Ukraine war: Kyiv 'makes biggest advance in the south since war began'

Ukraine war: Kyiv 'makes biggest advance in the south since war began'
Key developments to know about from Russia's war in Ukraine:

1. Ukraine 'makes biggest advance in the south since war began'

Kyiv made a major military breakthrough in south Ukraine on Monday, Reuters reports.
Ukrainian troops recaptured villages along the banks of the Dnipro River in southern Ukraine, creating a large front that is forcing Moscow to abandon ground it annexed only days ago.
The advance into the Kherson region was the biggest Kyiv has made since the war began in February, according to Reuters.
It comes off the back of similar breakthroughs in the east that have turned the tide of the war in recent weeks, prompting Russia to mobilise hundreds of thousands of reserve troops.
Monday's advance was confirmed by an official of the Russian-backed administration in Kherson province, which Russia seized early on in the war. 
Vladimir Saldo said that a number of settlements along the river had been captured, reaching as far as the village of Dudchany. This would represent an advance of around 40km (25 miles) in a single day.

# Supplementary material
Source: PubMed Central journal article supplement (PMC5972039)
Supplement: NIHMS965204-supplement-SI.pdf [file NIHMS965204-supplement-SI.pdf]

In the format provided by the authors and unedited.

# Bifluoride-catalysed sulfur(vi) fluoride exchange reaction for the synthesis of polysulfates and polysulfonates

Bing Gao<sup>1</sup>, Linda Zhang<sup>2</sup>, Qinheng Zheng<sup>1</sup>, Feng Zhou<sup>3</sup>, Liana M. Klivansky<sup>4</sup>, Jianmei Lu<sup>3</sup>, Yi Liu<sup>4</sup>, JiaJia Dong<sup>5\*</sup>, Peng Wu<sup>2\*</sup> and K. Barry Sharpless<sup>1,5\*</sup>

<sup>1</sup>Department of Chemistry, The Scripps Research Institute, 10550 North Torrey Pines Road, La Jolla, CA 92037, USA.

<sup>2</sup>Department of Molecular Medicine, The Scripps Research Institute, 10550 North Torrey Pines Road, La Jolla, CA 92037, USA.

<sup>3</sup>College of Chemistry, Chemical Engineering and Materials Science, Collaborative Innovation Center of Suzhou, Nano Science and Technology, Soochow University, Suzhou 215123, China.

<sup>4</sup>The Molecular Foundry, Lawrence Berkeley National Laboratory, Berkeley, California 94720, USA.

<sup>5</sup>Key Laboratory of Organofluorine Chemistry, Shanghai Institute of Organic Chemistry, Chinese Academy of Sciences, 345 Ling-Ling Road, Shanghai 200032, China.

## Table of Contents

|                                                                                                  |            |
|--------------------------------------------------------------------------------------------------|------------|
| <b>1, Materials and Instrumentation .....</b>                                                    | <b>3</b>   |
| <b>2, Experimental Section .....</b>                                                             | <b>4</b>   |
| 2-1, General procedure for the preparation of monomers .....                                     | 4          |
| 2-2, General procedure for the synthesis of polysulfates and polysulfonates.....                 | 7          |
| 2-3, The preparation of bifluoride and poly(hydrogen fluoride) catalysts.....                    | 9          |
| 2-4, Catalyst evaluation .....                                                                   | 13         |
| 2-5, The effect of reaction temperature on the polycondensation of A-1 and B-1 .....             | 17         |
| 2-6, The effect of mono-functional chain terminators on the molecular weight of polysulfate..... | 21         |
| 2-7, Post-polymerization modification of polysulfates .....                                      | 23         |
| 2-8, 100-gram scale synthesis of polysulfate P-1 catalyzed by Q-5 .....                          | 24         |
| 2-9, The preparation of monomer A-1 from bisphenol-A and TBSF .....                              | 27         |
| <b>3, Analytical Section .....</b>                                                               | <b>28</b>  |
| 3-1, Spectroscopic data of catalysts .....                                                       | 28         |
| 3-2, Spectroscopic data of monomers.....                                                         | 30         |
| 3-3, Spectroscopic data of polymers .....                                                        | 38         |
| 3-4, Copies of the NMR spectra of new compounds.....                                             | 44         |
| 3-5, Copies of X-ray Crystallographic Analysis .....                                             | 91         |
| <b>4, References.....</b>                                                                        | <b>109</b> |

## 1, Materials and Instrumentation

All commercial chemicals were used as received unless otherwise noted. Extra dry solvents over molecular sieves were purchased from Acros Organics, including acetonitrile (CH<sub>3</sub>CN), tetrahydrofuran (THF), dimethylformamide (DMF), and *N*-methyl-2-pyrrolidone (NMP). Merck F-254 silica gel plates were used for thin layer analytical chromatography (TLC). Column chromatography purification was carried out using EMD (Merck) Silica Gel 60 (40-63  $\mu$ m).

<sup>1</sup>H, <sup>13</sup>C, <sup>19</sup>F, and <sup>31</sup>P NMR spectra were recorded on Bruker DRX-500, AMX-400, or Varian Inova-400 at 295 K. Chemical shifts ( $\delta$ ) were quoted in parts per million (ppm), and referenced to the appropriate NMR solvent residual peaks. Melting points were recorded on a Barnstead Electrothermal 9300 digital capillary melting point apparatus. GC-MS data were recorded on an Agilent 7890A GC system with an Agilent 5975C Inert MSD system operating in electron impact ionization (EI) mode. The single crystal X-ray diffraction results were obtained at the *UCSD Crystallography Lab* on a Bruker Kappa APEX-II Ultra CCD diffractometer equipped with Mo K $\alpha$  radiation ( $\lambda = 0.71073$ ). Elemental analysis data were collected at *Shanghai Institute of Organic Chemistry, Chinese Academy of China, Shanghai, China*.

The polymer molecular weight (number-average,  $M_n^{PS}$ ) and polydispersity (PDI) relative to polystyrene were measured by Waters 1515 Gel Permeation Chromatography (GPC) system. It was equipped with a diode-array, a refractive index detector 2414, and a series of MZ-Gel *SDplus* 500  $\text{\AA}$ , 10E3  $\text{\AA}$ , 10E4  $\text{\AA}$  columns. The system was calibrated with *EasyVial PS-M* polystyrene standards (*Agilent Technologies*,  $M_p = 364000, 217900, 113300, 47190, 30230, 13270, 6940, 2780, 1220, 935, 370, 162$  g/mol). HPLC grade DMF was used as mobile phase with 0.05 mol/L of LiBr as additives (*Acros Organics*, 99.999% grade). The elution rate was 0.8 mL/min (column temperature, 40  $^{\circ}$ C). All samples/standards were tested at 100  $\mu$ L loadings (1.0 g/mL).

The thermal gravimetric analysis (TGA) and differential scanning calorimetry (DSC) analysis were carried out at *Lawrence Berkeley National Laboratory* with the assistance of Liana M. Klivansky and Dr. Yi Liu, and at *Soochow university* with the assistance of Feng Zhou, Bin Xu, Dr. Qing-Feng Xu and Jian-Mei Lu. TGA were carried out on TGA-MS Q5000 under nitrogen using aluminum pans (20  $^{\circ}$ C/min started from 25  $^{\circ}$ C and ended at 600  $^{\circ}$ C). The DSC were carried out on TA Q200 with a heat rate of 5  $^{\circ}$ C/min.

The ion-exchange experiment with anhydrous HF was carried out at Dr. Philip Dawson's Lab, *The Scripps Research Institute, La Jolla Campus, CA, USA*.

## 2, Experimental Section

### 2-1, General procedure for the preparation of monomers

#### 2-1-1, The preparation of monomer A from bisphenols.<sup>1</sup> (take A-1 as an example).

"Information is tense, let's put it that way, because, yes there were indeed breakthroughs," Saldo told Russian state television.
Kyiv has so far remained tight-lipped about the situation in Kherson.
In one of the rare images apparently confirming the advance, Anton Gerashchenko, an adviser to Ukraine's interior ministry, posted a photo of Ukrainian soldiers posing with their flag draping a golden statue of an angel.
Gerashchenko said it was the village of Mikhailivka, which would represent an advance of around 20 km (12 miles).
Euronews cannot independently verify these reports.

2. Chechen leader to send teenage sons to Ukraine front, one aged 14

The head of Russia's Chechen Republic announced on Monday that he would send his teenage boys to fight in Ukraine. 
Ramzan Kadyrov, a staunch ally of Russian President Vladimir Putin, said his three sons -- aged 14, 15 and 16 -- would head into battle in Ukraine on Telegram. 
He made the announcement just days after criticising the Russian military command and calling for the use of nuclear weapons. 
"The time has come [for them] to shine in a real battle, and I can only salute their determination," Kadyrov wrote in a Telegram post on his official channel, referring to his sons named Akhmat, Eli and Adam. 
"Soon they will go to the front line and they will find themselves in the most difficult areas of the contact line," he added. 
The Chechen leader has 14 children, according to his official website, but Russian media say he may have more.

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